Another national holiday rolls around, and Americans ponder where we have been, and where we are going. For those who are deeply troubled by recent events, taking time to celebrate a spirit of liberty and a national declaration that remain unequaled in human history may be a welcome break. But it can’t instill a sense of complacency.
Now is not the time for the emptiness of false cheer. But it is a time for taking courage from the remarkable deeds and thoughts of our political ancestors. What they did was as impossible as what we may need to do.
So please give serious consideration to two selections from LU for Independence Day.
The spirit of liberty
I suspect many will be struck to the heart by hearing again the words of Patrick Henry in his famous address to the Second Virginia Convention in March 1775.
St. John’s Church, Richmond, Virginia
March 23, 1775.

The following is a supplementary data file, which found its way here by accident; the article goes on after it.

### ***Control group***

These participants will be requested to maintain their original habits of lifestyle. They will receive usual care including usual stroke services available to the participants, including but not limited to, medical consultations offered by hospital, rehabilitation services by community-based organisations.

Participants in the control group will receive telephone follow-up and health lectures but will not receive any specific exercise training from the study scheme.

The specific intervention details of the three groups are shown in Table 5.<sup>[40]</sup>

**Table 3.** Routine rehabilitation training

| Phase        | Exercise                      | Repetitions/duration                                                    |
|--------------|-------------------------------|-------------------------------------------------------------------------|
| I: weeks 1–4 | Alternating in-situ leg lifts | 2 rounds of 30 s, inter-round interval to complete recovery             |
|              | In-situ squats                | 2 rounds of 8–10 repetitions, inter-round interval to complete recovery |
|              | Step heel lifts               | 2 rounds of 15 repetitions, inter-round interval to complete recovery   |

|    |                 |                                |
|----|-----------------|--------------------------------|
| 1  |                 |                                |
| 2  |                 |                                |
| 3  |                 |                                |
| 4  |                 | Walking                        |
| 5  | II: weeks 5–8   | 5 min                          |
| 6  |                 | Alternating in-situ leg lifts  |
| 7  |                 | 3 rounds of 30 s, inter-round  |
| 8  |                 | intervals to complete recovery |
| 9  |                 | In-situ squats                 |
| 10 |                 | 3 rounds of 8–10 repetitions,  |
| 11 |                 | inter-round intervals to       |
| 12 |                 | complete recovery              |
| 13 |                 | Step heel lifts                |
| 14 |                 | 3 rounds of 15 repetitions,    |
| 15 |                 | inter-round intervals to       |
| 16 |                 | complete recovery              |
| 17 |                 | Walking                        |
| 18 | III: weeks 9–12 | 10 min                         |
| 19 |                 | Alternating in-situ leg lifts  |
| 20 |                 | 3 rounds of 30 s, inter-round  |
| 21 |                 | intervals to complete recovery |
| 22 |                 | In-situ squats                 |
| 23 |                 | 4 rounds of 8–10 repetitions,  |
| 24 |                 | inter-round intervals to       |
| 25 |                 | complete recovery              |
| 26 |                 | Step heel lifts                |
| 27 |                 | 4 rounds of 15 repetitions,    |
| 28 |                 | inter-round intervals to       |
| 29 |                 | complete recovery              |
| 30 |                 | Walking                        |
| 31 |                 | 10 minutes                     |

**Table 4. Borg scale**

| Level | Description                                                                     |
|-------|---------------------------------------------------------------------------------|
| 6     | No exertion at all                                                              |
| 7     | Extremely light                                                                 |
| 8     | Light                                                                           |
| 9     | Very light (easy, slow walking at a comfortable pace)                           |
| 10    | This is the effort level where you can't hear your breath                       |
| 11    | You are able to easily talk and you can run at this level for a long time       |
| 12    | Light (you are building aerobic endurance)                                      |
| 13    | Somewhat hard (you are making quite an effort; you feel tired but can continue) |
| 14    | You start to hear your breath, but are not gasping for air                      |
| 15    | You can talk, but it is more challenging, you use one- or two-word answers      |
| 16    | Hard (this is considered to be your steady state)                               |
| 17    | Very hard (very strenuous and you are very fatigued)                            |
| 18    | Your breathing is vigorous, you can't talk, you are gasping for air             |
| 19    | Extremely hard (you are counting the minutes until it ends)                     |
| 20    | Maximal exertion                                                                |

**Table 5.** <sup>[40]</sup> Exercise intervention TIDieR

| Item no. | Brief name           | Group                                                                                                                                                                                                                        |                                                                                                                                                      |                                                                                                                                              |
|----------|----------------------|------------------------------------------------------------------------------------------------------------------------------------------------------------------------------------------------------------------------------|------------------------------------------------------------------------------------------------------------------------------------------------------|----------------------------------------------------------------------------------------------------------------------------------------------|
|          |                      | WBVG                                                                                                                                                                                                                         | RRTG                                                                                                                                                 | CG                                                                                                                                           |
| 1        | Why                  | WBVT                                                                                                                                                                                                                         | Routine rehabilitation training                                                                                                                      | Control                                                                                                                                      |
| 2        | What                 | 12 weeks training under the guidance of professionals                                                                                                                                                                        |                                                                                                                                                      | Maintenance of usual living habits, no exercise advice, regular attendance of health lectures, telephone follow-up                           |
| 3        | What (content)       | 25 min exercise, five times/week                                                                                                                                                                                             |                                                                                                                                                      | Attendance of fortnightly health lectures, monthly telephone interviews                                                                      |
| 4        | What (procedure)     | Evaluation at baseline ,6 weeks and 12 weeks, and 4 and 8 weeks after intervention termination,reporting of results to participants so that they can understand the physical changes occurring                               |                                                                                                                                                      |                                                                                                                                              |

MR. PRESIDENT: No man thinks more highly than I do of the patriotism, as well as abilities, of the very worthy gentlemen who have just addressed the House. But different men often see the same subject in different lights; and, therefore, I hope it will not be thought disrespectful to those gentlemen if, entertaining as I do, opinions of a character very opposite to theirs, I shall speak forth my sentiments freely, and without reserve. This is no time for ceremony. The question before the House is one of awful moment to this country. For my own part, I consider it as nothing less than a question of freedom or slavery; and in proportion to the magnitude of the subject ought to be the freedom of the debate. It is only in this way that we can hope to arrive at truth, and fulfil the great responsibility which we hold to God and our country.